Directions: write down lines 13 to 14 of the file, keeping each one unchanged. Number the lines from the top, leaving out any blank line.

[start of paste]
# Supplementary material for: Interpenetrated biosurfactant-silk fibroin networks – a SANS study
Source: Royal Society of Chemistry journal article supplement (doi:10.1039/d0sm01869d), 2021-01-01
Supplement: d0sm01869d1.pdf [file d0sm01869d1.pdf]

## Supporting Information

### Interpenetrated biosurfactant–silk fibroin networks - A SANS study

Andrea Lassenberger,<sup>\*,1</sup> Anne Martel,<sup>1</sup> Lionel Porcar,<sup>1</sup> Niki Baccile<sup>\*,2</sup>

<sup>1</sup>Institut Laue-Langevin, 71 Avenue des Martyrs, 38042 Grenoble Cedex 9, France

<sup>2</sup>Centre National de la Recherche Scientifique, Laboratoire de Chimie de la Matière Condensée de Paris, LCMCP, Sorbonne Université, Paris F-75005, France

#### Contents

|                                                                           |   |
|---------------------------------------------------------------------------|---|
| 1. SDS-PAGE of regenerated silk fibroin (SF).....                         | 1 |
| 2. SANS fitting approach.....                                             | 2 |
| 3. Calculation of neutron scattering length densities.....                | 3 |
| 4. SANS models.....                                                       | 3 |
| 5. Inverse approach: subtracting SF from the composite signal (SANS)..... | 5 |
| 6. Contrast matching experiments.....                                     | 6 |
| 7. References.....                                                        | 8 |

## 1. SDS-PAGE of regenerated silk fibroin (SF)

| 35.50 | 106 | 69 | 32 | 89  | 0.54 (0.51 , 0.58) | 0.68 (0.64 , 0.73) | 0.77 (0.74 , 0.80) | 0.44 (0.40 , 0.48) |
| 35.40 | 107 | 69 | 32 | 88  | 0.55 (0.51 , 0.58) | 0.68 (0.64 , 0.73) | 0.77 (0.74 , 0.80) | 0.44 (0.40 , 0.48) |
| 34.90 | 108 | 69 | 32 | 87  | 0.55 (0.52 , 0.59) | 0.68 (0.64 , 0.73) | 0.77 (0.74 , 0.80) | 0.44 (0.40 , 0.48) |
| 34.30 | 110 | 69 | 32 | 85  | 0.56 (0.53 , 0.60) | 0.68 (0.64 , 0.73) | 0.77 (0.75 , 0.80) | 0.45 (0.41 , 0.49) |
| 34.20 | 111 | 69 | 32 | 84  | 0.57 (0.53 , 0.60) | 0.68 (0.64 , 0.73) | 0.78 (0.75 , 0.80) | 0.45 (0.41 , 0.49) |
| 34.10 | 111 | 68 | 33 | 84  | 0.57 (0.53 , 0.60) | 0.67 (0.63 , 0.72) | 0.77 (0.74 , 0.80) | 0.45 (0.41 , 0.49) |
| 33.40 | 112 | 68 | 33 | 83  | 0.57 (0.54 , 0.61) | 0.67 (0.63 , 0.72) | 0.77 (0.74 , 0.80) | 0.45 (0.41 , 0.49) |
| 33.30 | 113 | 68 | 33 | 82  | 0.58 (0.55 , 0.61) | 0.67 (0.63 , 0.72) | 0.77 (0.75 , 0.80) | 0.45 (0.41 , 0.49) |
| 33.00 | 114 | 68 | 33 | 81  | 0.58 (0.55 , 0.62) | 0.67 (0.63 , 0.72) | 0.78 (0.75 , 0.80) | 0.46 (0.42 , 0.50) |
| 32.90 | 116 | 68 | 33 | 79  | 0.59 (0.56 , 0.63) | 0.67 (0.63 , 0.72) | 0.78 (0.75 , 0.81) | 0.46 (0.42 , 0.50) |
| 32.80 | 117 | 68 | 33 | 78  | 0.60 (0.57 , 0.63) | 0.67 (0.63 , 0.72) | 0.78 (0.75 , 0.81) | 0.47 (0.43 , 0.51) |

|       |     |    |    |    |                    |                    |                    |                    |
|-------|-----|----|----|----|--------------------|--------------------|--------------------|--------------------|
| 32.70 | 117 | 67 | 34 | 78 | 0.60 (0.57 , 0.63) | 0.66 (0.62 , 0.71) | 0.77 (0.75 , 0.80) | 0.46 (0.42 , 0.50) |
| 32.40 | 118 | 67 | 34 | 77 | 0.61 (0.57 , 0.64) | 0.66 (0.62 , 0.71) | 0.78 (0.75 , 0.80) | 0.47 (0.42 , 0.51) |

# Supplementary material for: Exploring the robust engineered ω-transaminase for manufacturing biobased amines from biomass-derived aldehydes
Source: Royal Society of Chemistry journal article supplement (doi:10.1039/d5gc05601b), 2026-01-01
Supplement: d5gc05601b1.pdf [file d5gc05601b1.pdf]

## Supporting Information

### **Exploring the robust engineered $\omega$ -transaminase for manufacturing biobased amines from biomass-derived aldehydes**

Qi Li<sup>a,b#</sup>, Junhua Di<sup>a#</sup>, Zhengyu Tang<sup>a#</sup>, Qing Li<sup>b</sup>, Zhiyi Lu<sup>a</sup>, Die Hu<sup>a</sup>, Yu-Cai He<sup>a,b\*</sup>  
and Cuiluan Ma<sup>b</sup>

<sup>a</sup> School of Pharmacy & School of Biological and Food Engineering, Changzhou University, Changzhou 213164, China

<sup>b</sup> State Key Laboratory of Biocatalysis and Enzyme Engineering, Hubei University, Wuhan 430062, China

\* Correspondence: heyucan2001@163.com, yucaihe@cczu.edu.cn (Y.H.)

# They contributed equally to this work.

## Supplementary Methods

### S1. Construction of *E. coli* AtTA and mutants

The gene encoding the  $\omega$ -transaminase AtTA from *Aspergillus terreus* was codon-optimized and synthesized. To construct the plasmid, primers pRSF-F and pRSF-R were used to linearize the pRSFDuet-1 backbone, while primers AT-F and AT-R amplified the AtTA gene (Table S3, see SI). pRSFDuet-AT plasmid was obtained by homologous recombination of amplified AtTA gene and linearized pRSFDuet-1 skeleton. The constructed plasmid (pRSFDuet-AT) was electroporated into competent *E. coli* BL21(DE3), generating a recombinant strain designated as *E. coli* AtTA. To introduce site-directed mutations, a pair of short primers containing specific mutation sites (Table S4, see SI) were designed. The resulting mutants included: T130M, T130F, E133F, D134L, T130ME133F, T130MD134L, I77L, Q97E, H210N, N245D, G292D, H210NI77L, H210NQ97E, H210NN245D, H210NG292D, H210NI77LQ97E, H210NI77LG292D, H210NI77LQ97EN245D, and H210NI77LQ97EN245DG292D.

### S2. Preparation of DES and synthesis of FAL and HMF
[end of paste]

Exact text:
| 2. SANS fitting approach.....                                             | 2 |
| 3. Calculation of neutron scattering length densities.....                | 3 |